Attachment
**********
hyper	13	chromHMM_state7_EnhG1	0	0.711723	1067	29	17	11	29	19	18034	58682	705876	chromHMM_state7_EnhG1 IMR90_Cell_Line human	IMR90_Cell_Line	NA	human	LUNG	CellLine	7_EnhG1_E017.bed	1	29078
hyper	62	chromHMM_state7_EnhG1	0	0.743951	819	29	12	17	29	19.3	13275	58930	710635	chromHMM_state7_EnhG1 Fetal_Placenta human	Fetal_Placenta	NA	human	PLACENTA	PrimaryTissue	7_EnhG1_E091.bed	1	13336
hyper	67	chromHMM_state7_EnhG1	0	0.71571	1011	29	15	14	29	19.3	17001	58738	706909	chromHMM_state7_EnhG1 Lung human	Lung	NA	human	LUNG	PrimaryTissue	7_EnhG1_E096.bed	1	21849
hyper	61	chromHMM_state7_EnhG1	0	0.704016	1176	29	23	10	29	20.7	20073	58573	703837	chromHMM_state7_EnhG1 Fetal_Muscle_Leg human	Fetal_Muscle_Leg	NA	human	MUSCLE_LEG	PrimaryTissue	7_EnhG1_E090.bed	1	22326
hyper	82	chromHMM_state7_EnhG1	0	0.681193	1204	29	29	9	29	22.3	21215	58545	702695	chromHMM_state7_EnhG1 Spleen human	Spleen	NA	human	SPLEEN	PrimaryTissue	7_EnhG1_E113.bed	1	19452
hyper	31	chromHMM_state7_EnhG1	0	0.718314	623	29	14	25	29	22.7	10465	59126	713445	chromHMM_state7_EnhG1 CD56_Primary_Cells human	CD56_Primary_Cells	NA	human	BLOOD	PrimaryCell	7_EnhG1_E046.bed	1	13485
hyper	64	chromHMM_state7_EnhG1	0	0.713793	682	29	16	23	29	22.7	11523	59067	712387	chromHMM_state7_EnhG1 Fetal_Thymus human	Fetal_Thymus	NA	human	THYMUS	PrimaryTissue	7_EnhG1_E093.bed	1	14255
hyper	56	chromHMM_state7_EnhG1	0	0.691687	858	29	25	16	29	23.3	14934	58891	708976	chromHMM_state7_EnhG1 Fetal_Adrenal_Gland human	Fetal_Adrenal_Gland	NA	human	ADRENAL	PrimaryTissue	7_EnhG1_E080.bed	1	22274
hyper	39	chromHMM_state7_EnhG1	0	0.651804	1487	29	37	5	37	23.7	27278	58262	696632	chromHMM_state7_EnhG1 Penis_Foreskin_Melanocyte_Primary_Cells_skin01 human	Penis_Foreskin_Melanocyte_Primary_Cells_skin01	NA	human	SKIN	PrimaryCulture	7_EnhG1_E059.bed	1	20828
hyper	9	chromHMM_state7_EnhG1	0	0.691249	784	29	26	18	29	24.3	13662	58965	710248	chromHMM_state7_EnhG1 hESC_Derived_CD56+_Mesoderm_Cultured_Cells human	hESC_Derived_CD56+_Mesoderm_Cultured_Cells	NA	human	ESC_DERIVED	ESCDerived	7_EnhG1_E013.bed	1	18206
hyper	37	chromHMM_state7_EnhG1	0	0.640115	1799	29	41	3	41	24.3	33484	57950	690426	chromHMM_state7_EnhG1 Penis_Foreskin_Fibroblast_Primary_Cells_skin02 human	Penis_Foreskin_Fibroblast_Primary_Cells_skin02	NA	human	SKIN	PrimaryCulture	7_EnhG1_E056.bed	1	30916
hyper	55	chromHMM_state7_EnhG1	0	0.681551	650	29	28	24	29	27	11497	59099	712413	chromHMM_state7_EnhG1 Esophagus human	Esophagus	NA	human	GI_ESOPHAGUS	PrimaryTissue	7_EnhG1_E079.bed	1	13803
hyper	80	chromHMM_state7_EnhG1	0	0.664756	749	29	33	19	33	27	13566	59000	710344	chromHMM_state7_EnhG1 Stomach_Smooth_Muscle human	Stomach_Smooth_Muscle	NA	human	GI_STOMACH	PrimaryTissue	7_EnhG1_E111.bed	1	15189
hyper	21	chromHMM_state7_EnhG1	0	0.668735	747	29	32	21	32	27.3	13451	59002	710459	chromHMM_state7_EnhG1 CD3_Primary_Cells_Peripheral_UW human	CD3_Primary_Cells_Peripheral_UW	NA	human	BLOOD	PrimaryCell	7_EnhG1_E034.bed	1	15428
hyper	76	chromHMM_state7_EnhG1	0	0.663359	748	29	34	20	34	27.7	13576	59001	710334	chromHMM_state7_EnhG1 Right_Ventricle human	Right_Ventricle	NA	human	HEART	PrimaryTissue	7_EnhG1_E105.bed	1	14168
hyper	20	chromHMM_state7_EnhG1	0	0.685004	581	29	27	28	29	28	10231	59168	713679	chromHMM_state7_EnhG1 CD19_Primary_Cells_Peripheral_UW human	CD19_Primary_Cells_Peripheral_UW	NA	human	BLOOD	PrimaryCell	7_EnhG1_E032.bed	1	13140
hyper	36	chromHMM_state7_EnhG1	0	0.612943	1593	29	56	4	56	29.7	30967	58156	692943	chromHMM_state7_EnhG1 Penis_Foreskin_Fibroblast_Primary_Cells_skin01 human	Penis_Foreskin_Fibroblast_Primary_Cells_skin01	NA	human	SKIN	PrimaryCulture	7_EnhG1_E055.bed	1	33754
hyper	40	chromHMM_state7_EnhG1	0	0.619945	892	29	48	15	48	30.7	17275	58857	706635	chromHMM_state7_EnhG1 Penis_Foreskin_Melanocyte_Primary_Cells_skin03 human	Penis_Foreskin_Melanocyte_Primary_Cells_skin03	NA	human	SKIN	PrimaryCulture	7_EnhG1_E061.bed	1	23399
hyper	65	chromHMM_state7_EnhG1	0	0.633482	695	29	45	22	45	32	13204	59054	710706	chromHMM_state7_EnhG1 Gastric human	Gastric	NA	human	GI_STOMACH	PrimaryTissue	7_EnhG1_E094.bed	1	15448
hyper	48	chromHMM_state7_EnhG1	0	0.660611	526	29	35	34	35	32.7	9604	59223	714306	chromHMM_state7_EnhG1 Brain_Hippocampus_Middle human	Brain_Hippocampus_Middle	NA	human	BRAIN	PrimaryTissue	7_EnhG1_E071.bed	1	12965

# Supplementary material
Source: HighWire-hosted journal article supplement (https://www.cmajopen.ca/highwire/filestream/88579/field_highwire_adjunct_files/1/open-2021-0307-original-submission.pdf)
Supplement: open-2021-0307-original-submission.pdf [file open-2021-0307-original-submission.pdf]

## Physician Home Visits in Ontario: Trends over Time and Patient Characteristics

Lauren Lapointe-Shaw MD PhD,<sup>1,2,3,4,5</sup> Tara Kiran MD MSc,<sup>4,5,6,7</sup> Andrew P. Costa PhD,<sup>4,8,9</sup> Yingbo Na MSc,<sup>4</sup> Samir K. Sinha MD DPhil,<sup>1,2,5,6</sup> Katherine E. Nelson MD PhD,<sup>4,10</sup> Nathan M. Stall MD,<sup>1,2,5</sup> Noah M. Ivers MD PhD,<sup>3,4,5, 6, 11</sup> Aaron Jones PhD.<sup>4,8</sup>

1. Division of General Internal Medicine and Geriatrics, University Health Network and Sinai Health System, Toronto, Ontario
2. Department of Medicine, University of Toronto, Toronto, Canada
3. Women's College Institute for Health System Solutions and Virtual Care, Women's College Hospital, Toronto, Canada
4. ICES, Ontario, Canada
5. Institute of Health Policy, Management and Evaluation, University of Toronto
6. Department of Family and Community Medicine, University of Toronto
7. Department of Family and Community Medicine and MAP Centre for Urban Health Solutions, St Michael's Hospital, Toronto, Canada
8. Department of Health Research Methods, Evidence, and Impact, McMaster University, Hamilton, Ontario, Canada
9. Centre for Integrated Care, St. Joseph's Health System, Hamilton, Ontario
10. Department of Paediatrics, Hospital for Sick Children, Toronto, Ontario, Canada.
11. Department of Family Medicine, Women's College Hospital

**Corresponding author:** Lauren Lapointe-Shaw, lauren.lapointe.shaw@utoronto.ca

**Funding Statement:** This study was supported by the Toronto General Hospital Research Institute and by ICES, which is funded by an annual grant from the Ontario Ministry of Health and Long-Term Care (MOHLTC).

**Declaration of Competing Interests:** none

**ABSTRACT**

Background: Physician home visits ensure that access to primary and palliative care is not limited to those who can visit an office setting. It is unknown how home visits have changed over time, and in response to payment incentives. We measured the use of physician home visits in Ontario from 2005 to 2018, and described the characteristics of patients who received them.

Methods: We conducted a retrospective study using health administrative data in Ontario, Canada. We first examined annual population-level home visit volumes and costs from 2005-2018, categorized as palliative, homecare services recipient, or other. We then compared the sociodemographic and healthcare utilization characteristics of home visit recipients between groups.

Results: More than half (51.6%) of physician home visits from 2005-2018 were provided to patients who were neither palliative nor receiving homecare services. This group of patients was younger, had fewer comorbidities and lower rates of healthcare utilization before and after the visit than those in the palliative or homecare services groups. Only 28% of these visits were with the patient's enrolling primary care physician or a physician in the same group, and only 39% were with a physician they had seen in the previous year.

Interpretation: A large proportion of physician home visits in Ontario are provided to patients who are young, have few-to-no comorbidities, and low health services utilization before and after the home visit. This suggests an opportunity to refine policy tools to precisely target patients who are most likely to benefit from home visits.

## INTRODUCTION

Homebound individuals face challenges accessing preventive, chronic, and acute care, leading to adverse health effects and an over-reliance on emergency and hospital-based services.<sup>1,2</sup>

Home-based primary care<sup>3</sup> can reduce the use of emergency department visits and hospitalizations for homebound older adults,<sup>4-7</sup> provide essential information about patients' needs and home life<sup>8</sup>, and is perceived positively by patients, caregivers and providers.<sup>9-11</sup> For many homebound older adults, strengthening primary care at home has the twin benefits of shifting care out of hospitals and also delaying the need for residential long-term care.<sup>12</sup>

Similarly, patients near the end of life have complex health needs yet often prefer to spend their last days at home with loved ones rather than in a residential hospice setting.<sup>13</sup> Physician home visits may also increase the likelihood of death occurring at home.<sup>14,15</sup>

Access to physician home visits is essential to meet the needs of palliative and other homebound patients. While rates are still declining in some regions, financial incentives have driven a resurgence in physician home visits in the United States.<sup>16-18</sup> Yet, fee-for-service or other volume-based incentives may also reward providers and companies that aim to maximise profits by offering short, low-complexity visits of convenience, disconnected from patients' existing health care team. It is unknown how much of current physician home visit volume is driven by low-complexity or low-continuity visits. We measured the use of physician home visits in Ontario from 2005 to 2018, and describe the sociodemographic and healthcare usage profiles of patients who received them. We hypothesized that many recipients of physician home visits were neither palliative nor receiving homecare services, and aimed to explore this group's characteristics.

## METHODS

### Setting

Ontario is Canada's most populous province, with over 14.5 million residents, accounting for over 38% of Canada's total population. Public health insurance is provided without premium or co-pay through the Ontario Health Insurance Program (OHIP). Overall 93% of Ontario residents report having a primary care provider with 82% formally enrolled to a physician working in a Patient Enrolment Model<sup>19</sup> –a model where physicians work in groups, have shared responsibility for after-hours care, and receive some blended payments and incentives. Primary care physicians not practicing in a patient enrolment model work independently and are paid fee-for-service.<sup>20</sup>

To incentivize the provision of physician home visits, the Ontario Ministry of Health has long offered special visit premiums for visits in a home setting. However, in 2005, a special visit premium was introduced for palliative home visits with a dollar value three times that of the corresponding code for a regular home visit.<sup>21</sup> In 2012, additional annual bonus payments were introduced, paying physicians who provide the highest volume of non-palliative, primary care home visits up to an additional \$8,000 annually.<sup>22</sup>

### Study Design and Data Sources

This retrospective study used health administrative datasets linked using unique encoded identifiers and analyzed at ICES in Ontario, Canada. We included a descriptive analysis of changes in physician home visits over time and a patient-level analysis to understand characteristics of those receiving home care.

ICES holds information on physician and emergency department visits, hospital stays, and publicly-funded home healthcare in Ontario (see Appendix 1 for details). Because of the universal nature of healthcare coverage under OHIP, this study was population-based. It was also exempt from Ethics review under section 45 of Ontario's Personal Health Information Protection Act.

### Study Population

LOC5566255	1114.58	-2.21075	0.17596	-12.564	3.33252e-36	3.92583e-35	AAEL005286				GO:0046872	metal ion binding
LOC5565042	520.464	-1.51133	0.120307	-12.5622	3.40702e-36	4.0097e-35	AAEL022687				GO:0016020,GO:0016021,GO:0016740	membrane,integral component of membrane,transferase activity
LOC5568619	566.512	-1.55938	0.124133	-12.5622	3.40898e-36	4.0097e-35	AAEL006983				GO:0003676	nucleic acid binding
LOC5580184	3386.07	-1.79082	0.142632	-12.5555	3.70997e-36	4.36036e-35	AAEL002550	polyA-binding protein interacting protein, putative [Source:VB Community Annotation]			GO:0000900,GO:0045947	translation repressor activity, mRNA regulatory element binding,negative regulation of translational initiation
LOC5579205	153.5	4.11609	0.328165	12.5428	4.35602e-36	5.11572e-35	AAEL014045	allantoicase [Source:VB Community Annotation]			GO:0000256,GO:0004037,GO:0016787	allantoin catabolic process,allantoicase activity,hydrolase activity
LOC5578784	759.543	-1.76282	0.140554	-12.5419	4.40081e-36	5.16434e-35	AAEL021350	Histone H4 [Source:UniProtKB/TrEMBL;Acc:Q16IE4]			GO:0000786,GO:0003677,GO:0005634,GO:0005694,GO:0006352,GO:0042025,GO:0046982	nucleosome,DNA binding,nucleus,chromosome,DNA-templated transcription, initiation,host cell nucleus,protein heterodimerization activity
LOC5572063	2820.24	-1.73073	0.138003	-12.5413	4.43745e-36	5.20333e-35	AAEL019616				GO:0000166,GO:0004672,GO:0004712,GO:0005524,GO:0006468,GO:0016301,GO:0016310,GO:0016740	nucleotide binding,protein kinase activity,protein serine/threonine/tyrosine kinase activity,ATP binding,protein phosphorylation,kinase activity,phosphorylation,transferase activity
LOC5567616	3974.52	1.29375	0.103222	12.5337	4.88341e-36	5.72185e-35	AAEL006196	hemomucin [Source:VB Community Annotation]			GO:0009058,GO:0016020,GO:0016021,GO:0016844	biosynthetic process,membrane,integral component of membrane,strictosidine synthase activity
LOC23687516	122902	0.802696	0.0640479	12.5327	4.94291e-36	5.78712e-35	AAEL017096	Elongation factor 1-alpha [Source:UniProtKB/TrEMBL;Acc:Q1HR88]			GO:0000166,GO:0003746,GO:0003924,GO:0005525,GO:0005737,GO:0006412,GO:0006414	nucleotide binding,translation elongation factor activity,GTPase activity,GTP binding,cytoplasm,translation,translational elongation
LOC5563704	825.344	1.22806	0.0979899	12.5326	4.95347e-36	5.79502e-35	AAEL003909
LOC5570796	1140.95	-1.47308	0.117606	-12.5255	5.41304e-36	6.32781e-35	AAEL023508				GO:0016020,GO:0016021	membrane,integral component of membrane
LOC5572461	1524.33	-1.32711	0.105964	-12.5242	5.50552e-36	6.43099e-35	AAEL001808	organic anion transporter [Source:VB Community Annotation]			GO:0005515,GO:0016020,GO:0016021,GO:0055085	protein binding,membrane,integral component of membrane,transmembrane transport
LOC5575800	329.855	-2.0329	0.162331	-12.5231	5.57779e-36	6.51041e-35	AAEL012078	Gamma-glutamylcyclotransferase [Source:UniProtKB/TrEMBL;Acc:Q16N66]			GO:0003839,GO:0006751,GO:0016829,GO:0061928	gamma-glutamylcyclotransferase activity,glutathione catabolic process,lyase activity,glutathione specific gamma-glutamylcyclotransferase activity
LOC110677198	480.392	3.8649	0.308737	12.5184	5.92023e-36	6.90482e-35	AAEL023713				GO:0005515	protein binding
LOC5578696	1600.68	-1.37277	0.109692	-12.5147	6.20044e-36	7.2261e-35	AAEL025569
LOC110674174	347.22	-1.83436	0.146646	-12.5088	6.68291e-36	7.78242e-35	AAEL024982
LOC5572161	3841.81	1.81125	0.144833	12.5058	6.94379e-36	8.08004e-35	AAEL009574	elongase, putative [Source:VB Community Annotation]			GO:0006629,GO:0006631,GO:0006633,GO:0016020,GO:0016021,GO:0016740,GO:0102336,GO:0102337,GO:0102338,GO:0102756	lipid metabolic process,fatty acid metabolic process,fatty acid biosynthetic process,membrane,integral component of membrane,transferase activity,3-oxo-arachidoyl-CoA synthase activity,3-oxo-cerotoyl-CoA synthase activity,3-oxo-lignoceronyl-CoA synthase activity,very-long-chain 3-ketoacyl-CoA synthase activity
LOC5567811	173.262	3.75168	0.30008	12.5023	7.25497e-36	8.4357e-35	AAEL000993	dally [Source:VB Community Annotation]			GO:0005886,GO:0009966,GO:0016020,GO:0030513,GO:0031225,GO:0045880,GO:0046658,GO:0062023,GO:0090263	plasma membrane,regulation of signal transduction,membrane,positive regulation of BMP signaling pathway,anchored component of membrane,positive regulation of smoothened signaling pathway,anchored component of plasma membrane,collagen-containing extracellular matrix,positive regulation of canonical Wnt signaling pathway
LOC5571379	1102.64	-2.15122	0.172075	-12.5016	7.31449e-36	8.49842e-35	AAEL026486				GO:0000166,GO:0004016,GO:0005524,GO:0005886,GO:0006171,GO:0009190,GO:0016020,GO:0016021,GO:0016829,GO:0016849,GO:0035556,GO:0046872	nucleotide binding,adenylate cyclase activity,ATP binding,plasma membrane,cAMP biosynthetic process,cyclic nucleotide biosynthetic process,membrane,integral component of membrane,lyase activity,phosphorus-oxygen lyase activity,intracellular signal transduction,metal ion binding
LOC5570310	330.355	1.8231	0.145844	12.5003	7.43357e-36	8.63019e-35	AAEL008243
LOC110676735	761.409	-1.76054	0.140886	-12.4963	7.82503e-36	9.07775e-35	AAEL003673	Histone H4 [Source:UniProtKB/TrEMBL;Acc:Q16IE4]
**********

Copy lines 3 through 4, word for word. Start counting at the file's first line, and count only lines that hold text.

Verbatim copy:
hyper	67	chromHMM_state7_EnhG1	0	0.71571	1011	29	15	14	29	19.3	17001	58738	706909	chromHMM_state7_EnhG1 Lung human	Lung	NA	human	LUNG	PrimaryTissue	7_EnhG1_E096.bed	1	21849
hyper	61	chromHMM_state7_EnhG1	0	0.704016	1176	29	23	10	29	20.7	20073	58573	703837	chromHMM_state7_EnhG1 Fetal_Muscle_Leg human	Fetal_Muscle_Leg	NA	human	MUSCLE_LEG	PrimaryTissue	7_EnhG1_E090.bed	1	22326